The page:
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America, Worry About Your Own 'Terrorists'

06/06/2014 08:57 EDT | Updated 08/06/2014 05:59 EDT

It's perplexing how much time and money the U.S. government devotes to affairs that are ostensibly none of its business instead of helping the people who voted it into office. This will come as no surprise but the only people who love America are Americans -- the rest of the world is less enchanted by sanctimonious hypocrisy.

But more on that in a second. On a positive note for those who voted for peace, Barack Obama is slowly coming through. In a May 28 speech at U.S. Military Academy West Point, the President all but condemned past combative highhandedness and appeared reluctant to send U.S. troops to train Syrian rebels against President Bashar al-Assad.

Dipping into the evidently limitless well of Republican hubris, Ed Royce, chairman of the House Foreign Affairs Committee, said Obama's lack of action made the country look weak and resulted in a loss of U.S. credibility. Former U.S. Ambassador to Syria Rob Ford (a different Rob Ford) resigned his post, disgusted that U.S. policy wasn't going to resolve the Syrian conflict nor eradicate Assad's chemical weapon stockpiles.

Royce and Ford are partially right. The U.S. has lost substantial credibility -- but not because of Obama. Consider that the cost of sending a single soldier to fight for one year in Afghanistan or Iraq was about $775,000 (in 2008, not adjusting for inflation). The total projected cost of America's "War on Terror" is estimated at between $1.3 trillion and $1.7 trillion by 2018. An extra $600 billion in interest is added to this bill if the war was waged with borrowed money -- which it likely was.

America, when will you look at what's happening in your own back yard?

Take a look at a list of mass shootings in the world since 1996. Significantly, 66 of the 86 incidents occurred in the U.S. Consider the common denominators between all the perpetrators: young, male and mentally ill.

People have blamed the Isla Vista, Calif., shooting of May 23 on everything from misogyny to mental illness to gun laws. Well, gun laws in California are already amongst the most restrictive in the country. Everyone in California has the same access to guns, but not everyone is shooting up sorority houses. So, stricter gun laws might help, but probably not significantly. The National Rifle Association (NRA) suggests that having armed guards in U.S. schools would make them safer. So their solution is to fight a gun problem with more guns? And how come other countries don't seem to have a problem keeping their schoolchildren safe?

Some have proclaimed the incident unavoidable, with the reasoning that all the right preventative measures were taken and sometimes bad things just happen. But is sending a child whom people say has been mentally unstable his entire life to see a therapist "doing everything right"? Elliot Rodger's parents knew for far too long that therapy wasn't working and that their son refused to take his medication. I see a therapist when I have a bad week. When I record a manifesto saying I want to turn my apartment into a "personal torture and killing chamber", please be sure to try something else.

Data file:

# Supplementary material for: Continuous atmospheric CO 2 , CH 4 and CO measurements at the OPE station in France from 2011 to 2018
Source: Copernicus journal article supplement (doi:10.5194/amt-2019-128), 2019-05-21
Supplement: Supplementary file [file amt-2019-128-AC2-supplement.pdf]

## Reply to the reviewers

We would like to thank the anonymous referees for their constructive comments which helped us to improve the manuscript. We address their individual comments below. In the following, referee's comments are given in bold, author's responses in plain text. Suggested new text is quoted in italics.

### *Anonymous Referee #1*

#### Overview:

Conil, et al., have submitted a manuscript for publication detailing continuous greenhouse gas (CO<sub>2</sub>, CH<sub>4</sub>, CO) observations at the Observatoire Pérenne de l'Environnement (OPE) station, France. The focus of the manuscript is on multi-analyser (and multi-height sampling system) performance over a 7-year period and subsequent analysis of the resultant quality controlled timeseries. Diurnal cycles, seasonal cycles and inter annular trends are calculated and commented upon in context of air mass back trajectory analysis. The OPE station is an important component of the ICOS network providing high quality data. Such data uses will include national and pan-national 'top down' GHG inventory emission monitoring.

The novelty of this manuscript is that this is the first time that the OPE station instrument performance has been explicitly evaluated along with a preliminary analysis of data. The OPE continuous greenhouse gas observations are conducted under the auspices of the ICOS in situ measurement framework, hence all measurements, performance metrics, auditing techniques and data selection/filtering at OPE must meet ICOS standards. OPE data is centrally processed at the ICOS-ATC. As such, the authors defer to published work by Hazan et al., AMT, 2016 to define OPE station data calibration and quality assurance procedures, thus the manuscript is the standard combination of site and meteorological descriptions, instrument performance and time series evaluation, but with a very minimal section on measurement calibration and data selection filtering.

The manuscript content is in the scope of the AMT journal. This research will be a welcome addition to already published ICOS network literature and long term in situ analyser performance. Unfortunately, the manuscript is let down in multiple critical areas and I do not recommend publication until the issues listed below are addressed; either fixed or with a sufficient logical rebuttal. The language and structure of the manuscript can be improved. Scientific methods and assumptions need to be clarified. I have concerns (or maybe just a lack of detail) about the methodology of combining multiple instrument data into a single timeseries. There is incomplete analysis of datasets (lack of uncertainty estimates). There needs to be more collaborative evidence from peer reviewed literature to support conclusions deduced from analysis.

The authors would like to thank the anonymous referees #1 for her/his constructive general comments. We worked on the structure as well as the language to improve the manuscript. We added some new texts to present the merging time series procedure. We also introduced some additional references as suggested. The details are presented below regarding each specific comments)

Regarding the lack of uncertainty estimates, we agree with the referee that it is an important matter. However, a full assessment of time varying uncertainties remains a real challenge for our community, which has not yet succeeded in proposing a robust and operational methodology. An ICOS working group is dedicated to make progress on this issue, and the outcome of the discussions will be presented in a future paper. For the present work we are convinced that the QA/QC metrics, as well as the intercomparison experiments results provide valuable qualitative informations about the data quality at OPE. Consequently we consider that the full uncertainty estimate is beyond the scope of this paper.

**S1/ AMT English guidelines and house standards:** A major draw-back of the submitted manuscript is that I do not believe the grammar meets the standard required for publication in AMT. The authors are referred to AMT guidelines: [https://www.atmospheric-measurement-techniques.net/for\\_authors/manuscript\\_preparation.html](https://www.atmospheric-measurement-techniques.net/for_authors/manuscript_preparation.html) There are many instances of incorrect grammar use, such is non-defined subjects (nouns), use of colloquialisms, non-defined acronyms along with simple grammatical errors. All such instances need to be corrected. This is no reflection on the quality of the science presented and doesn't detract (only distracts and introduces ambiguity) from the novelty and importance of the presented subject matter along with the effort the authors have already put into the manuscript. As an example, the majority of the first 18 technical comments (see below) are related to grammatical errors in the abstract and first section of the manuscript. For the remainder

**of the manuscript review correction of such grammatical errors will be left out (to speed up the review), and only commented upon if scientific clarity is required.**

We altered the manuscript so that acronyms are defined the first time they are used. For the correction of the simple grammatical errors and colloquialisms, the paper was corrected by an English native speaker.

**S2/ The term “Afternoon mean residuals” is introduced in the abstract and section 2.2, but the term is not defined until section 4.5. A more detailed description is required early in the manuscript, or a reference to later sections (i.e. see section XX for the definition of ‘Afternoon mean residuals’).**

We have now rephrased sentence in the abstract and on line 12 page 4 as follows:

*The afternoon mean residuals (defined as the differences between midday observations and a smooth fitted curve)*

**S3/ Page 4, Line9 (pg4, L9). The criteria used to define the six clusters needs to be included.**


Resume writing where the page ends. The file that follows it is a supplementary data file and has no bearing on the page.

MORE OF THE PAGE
Yes, misogyny was evident but it wasn't the reason for the actual shooting. Just to be clear, pointing out misogyny isn't being anti-men -- it's highlighting a problem in society. While Elliot Rodger did stab three men to death in his apartment, he also seemed to have a serious issue with women. But it seems that most young men have misogynistic feelings of inadequacy at some point in their lives, so this was not remarkable.

Essentially, things went as far as they did because the system Rodger was in did a horrendous job of identifying just how much of a danger to society he was. And Rodger was a rich kid who drove a BMW. His dad is a Hollywood director. He had every resource at his disposal. What about the 2.8 million children living in households that survive on less than $2 a day? Between 1996 and 2011, extreme poverty in the United States more than doubled from 636,000 to 1.46 million households.

Consider that an estimated one in four adults suffer from a diagnosable mental disorder in a given year. This was 57.7 million people in 2004 -- 10 years ago. About 1 in 17 Americans suffer from a "serious" mental illness. And many people suffer from more than one mental disorder at a given time.

Let's bring this point home: In the U.S. in 2006, 36.2 million people paid $57.5 billion dollars for mental health services. This means the average expenditure per adult was $1,591. The average expenditure per child was higher at $1931.

And there are 2.8 million children living in households that survive on less than $2 a day. Who pays for their mental health service? Sending one less soldier to Iraq on a farcical mission could have paid for at least 400 of them.

Is America completely desensitized to routine school shootings and renegade gunmen now? And this post doesn't even begin to touch upon the dangers of other widespread conditions such as post-partum depression and psychosis. Remember Andrea Yates, who drowned her five children? Or more recently, Miriam Carey, who thought President Obama was stalking her and was killed by police after a car chase from the White House to the Capitol.

Since 2001, the U.S. has fervently jumped into the affairs of Iraq, Afghanistan, Pakistan, Yemen, Colombia and Libya. Maybe you should worry about your own 'terrorists', America. It's time you realized that a child killed by a gun-wielding teenager is no less dead than a child blown up by a suicide bomber.

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